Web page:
Wilder, 33, is back in the ring first, taking on fellow American and mandatory challenger Dominic Breazeale in New York on May 18. Breazeale, also 33, has lost only once in 22 fights but that defeat was a brutal one when he was knocked out in the seventh round by Joshua in 2016.

Breazeale said last year that that beating in London “is going to haunt me forever” but insists he is a “different fighter now” and ready to become world champion.

For Wilder – with 40 wins, 39 of them via knockouts – the aim is simple: “I want to get him out of the way. I’m about to smash this fly.”


Fury, meanwhile, has taken on the easiest fight, on paper anyway. Tom Schwarz might be unbeaten in 24 fights but he has only fought outside of his native Germany twice and never faced someone of Fury’s class.

Fury defended the contest on June 15, calling Schwarz “unbeaten, young, fresh and ambitious” but Joshua’s promoter, Eddie Hearn, called it a “dreadful fight” and an “easy touch".

Even Frank Warren, who looks after the Manchester-born fighter, conceded he was “very disappointed” with the Las Vegas fight, saying that ESPN and co-promoters Top Rank had demanded a warm-up match and “exposure” in the US for their new signing.

Fury, though, clearly still has his eyes on the prize. "Me and Wilder have to have this rematch. I have to take care of Schwarz, he has to take care of Breazeale and then I say we get it on."

His trainer, Ben Davison, hinted last month that a Joshua fight at the end of the year was more likely, “[but] don’t hold me to it”.

LONDON, ENGLAND - SEPTEMBER 22:  Anthony Joshua celebrates victory after the IBF, WBA Super, WBO & IBO World Heavyweight Championship title fight between Anthony Joshua and Alexander Povetkin at Wembley Stadium on September 22, 2018 in London, England.  (Photo by Richard Heathcote/Getty Images)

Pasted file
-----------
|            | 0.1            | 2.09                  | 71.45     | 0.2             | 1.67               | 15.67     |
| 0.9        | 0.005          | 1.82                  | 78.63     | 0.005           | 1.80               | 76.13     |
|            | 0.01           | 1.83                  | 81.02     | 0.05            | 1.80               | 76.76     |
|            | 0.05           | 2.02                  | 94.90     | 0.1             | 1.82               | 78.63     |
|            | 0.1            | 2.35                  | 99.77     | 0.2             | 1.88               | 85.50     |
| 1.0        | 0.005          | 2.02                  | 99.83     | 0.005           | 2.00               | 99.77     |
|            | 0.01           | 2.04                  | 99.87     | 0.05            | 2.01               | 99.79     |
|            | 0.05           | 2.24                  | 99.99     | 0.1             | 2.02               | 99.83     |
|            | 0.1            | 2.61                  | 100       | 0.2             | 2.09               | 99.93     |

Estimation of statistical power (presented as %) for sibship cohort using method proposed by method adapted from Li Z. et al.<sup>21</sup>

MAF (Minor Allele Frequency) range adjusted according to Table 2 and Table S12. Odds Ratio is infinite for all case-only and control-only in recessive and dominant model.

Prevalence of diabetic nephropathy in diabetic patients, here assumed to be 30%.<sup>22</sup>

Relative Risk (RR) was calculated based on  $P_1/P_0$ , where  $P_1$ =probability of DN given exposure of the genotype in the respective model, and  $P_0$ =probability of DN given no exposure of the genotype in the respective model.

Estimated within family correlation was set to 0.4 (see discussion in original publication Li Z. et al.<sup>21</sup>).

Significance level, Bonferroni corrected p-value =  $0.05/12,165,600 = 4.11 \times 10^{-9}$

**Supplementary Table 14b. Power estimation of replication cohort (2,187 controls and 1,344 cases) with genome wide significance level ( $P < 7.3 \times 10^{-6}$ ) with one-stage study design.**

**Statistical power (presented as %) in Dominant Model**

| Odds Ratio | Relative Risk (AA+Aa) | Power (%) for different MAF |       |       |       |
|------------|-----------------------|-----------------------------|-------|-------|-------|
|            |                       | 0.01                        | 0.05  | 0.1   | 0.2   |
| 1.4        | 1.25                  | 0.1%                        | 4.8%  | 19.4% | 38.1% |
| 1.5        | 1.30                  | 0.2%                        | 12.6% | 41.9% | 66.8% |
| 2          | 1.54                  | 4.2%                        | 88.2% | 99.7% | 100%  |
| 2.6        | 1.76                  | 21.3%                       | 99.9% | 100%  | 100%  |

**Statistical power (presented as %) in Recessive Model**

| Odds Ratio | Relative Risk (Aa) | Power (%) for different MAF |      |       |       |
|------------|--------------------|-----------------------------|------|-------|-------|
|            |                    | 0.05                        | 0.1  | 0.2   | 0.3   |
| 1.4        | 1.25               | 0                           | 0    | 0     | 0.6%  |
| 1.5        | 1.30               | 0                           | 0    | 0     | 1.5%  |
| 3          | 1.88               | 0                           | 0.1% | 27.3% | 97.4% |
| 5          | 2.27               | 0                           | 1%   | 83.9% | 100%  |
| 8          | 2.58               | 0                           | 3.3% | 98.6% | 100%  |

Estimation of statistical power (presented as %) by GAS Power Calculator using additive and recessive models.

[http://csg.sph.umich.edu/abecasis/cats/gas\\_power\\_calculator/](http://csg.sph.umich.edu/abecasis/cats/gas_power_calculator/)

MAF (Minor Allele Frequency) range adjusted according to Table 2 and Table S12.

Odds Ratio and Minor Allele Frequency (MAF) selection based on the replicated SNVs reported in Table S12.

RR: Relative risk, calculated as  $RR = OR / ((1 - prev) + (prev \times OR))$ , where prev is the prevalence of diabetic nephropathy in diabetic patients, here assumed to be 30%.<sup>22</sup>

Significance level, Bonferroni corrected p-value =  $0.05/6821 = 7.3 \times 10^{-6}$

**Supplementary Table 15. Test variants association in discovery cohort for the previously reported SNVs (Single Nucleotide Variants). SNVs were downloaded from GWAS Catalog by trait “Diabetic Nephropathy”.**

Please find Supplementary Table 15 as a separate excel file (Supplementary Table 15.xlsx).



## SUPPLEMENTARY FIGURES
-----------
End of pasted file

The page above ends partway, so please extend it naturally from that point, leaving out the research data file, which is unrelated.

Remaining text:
Anthony Joshua celebrates victory after the IBF, WBA Super, WBO & IBO World Heavyweight Championship title fight with Alexander Povetkin. Getty Images

Joshua, meanwhile, has arguably taken on the biggest risk. He fights outside of the UK for the first time in his pro career – consisting of 22 wins, with 21 KOs – against unbeaten Jarrell Miller at the iconic boxing venue of Madison Square Garden on June 1, on the American’s home turf of New York.

Jarrell, known as Big Baby, says the Briton has made a “big mistake” in taking the fight and even Joshua is wary of what he called the “banana skin factor” that could derail his hopes of taking on either Fury and Wilder in the near future.

He had booked out Wembley Stadium to fight with Wilder this month, but those hopes were dashed by Fury’s stunning return to the top.

“Things happen, boxing politics,” Joshua, 29, conceded. “We had to branch out and look for other options.”

So for now, the big beasts continue to circle each other and the world waits with baited breath in the hope that “boxing politics” does not stop an era-defining series of fights from taking place.

The final word on that, goes to Wilder: “We need to see one champion, one face, one name. It takes a lot of people and a lot of cooperation to make that happen.”